I think Wallach’s perspective on this debate is unduly Manichean, but I share the notion that we need to be vigilant of reductionist discourses. These conversations imperceptibly close rather than open the prospect for us to decide what we want to become and what we want our futures to be. Such discourses also obscure rather than illuminate the deepest sources of social ills, which shape the evolution of our genes, bodies, and identities. Our biological existences are profoundly influenced by where we live and how much money we have to better ourselves through education and access to care. Reductionist discourses that ignore social ills and contingencies will tend to crystallize our genetic and digital divides and, in turn, limit our opportunities to bridge them.
Techstorms are enabled by rhetoric that hypes immediate benefits while downplaying risks. This premise allows technology creators, such as those in the biomedical industry and the military-industrial complex, to evade scrutiny and quickly entrench themselves in society. Interestingly, Wallach’s emphasis on security and defense research as a driver of the techstorm is in line with what we see happening in cutting-edge biotech, as accelerated development and the glacial pace of regulatory agencies and courts outpace society’s ability to adequately evaluate the technologies’ effects. This paradigm of fast-paced innovation, driven by economic competition and security imperatives, incorporates little input from the public beyond consumers’ market preferences. Given that these technologies have the potential to disrupt many aspects of society, should we not look to uphold the much-espoused principle of democracy?
Wallach’s purpose in critiquing the techstorm is not to stifle innovation but to slow the speed of innovation to a “humanly manageable pace.” This pace is described as one that’s in line with informed decision making by individuals, institutions, governments, and humanity as a whole. As Richard Denison of the Environmental Defense Fund stated in his blog, “The real danger is continuation of a government oversight system that is too antiquated, resource-starved, legally shackled, and industry-stymied to provide to the public and the marketplace any assurance of the safety of these new materials as they flood into commerce.” A manageable pace that incorporates broad social values while ensuring human safety begins with the need to discover inflection points, which are historical junctures in technological innovation that are followed by either positive or negative consequences. Secondary inflection points can be thought of as rate adjustments in the technology’s research trajectory.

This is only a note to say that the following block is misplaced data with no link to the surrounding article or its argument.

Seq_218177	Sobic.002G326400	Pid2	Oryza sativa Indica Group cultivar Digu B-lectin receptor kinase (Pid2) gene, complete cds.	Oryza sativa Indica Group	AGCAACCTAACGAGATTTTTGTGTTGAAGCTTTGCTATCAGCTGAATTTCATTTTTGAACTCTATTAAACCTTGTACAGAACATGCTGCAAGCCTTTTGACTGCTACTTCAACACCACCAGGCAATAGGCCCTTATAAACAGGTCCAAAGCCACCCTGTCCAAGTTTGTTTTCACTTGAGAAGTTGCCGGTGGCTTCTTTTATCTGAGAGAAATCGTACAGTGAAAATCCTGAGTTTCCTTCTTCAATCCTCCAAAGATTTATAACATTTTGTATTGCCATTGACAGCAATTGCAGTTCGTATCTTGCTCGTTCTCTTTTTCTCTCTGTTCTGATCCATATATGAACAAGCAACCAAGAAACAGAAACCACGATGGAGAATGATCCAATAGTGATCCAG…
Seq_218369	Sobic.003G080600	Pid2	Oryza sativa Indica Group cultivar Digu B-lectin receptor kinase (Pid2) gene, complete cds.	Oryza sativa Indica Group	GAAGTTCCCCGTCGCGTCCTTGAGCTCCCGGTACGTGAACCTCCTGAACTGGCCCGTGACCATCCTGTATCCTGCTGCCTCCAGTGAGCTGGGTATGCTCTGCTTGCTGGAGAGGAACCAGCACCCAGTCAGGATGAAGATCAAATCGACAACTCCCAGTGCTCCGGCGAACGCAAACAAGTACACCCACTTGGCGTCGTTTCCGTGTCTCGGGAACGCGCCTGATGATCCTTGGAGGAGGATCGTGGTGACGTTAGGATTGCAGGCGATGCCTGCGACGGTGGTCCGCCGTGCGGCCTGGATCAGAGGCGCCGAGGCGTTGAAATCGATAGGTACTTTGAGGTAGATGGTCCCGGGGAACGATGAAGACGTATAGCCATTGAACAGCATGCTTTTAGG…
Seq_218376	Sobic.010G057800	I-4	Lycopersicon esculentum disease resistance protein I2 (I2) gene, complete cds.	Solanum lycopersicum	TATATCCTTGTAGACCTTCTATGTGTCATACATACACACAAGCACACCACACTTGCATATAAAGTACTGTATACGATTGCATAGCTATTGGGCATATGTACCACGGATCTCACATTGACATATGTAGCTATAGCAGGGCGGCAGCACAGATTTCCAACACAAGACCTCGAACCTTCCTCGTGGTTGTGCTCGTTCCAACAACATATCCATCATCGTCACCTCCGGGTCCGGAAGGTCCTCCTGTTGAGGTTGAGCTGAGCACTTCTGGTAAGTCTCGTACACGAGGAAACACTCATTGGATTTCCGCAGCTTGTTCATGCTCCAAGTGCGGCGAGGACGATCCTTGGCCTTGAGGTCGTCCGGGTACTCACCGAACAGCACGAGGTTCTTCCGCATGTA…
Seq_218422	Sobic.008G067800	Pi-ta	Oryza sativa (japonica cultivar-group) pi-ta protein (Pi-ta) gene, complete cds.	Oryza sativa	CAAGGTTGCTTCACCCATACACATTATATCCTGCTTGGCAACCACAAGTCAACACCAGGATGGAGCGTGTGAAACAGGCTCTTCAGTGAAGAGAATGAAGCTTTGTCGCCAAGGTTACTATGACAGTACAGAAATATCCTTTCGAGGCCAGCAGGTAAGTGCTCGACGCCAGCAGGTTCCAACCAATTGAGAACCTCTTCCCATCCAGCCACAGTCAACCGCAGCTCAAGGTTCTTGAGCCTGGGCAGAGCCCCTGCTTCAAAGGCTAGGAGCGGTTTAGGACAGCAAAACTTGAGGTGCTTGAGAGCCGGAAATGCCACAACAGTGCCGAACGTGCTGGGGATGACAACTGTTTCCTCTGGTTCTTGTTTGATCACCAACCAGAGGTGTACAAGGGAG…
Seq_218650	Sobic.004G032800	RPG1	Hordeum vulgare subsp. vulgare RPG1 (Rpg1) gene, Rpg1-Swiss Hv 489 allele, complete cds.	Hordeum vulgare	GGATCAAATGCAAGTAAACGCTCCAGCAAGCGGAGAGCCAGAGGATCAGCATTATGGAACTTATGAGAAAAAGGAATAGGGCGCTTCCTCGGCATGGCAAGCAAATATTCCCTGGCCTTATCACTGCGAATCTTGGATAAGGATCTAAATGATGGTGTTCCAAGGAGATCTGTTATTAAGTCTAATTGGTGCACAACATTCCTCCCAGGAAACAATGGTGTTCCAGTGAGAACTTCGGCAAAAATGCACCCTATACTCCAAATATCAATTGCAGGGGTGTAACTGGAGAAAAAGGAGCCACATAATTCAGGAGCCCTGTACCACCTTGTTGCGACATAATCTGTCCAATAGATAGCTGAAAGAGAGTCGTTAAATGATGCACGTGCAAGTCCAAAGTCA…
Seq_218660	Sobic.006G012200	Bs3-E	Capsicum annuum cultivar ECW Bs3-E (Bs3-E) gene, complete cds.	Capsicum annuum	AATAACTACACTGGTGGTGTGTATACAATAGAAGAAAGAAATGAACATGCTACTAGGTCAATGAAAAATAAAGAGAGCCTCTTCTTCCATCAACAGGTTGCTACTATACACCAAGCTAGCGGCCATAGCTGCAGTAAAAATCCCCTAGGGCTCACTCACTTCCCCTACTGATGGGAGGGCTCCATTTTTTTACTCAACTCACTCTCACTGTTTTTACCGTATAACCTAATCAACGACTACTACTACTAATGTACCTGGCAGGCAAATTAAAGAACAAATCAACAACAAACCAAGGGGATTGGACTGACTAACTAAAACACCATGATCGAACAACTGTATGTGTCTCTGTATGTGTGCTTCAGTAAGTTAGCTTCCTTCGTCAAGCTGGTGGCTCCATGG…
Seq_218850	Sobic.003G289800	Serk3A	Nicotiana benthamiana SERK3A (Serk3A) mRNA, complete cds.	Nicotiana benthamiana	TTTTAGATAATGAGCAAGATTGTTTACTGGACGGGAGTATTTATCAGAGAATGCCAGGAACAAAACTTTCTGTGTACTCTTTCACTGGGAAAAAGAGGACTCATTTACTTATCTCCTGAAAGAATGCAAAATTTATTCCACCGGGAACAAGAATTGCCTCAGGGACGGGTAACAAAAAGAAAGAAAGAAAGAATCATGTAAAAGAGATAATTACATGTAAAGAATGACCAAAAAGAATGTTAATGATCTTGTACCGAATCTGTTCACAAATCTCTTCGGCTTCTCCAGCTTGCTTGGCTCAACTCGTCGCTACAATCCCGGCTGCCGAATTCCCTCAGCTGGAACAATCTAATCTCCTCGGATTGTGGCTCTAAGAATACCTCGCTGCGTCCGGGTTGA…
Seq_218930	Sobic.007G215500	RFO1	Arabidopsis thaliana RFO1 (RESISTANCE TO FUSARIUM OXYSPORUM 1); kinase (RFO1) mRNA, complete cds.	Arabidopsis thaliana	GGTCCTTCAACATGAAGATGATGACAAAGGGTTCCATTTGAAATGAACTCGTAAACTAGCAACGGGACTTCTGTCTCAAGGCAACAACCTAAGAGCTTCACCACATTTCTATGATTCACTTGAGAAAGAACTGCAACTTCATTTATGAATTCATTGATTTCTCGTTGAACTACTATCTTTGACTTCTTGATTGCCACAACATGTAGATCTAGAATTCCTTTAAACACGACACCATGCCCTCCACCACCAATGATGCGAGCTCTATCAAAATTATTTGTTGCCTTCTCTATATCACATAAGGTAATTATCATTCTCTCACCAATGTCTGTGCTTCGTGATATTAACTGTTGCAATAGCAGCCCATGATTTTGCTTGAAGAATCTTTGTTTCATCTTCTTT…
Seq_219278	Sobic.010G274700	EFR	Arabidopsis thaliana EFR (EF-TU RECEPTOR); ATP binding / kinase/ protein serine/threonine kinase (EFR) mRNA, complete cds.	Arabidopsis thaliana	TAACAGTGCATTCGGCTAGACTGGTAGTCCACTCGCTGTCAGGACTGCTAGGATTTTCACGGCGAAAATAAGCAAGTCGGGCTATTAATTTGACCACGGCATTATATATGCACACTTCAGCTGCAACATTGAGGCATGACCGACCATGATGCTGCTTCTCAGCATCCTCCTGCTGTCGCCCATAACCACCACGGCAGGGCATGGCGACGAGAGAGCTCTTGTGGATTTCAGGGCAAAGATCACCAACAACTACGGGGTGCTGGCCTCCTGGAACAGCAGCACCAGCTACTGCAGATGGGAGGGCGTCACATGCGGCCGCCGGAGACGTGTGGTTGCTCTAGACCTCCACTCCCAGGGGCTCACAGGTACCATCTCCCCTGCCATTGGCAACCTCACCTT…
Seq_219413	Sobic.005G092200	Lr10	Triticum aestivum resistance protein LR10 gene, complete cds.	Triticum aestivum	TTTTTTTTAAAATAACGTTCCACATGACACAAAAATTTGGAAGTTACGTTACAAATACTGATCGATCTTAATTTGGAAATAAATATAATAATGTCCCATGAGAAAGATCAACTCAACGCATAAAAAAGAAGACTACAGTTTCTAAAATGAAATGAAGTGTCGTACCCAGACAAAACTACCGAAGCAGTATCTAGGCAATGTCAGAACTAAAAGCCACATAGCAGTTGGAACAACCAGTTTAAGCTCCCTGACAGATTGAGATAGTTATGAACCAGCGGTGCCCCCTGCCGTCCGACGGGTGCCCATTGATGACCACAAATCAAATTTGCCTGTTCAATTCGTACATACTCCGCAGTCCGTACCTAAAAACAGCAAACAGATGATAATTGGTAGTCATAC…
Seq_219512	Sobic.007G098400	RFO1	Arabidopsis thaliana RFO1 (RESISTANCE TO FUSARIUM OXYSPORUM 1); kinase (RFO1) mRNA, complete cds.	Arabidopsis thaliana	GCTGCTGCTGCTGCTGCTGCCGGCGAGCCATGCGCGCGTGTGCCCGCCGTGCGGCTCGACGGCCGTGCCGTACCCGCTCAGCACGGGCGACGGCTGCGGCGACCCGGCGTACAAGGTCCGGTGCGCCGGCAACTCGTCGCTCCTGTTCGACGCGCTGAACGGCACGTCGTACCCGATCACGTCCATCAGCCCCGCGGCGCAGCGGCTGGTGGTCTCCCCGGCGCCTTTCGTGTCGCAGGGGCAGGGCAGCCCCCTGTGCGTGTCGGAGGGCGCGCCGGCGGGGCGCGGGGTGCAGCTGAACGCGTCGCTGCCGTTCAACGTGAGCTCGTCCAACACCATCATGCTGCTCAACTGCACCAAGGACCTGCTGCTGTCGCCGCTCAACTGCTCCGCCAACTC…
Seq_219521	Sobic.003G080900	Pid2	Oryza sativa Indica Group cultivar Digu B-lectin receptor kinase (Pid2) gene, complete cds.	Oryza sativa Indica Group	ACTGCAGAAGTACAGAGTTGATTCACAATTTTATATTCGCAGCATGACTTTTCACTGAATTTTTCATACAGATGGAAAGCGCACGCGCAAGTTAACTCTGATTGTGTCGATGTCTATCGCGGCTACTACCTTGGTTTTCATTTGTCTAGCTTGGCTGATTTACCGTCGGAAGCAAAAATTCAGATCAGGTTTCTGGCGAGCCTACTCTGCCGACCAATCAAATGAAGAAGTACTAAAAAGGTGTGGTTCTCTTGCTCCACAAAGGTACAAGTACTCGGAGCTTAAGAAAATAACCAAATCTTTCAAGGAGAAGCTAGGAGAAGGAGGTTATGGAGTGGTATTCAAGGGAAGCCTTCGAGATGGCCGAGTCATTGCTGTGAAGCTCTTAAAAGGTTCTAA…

Again, Wallach’s analysis is enlightening, as our global society currently grapples with the benefits and risks of genomic editing and artificial intelligence. When it comes to mastering the human genome, a first inflection point is our will to question who should own our genes and their secrets. The Supreme Court’s unanimous 2013 ruling barring the patenting of human genes was a wise and balanced decision that cleared a major barrier to innovation in biotechnology, drug development, and medical research. But as with any inflection point, the court’s decision was only a first step toward finding the right balance between protecting legitimate intellectual property and securing an open future for personalized medicine based on genomics.
By 2015, the scientific community was confronted with one of the most important disruptions in genomics research since the 1975 Asilomar Conference on Recombinant DNA. The advent of CRISPR technology, which allows gene editing at specific loci on the genome, drastically accelerates the potential for engineering human and non-human biology. I welcome Wallach’s critique of scientific entrepreneurship and its tendency to simplistic boosterism, which saturates genomics research and policy discussions. For example, those who support gene editing often describe it as a pair of molecular scissors that cut out harmful DNA sequences on a chromosome, thus “editing out” disease. Images such as this make the gene-editing process seem easier and cleaner than it really is, and assume a control over our germline we do not yet have. They gloss over the potential for off-target edits, which can create unintended mutations in the genome. Another characteristic of the momentum around gene editing is the lack of clear understanding of the role citizens are invited to play. As Wallach might suggest, experts’ call for a moratorium on germline gene editing is no substitute for more inclusive public debates on the promises and risks of our biotech futures.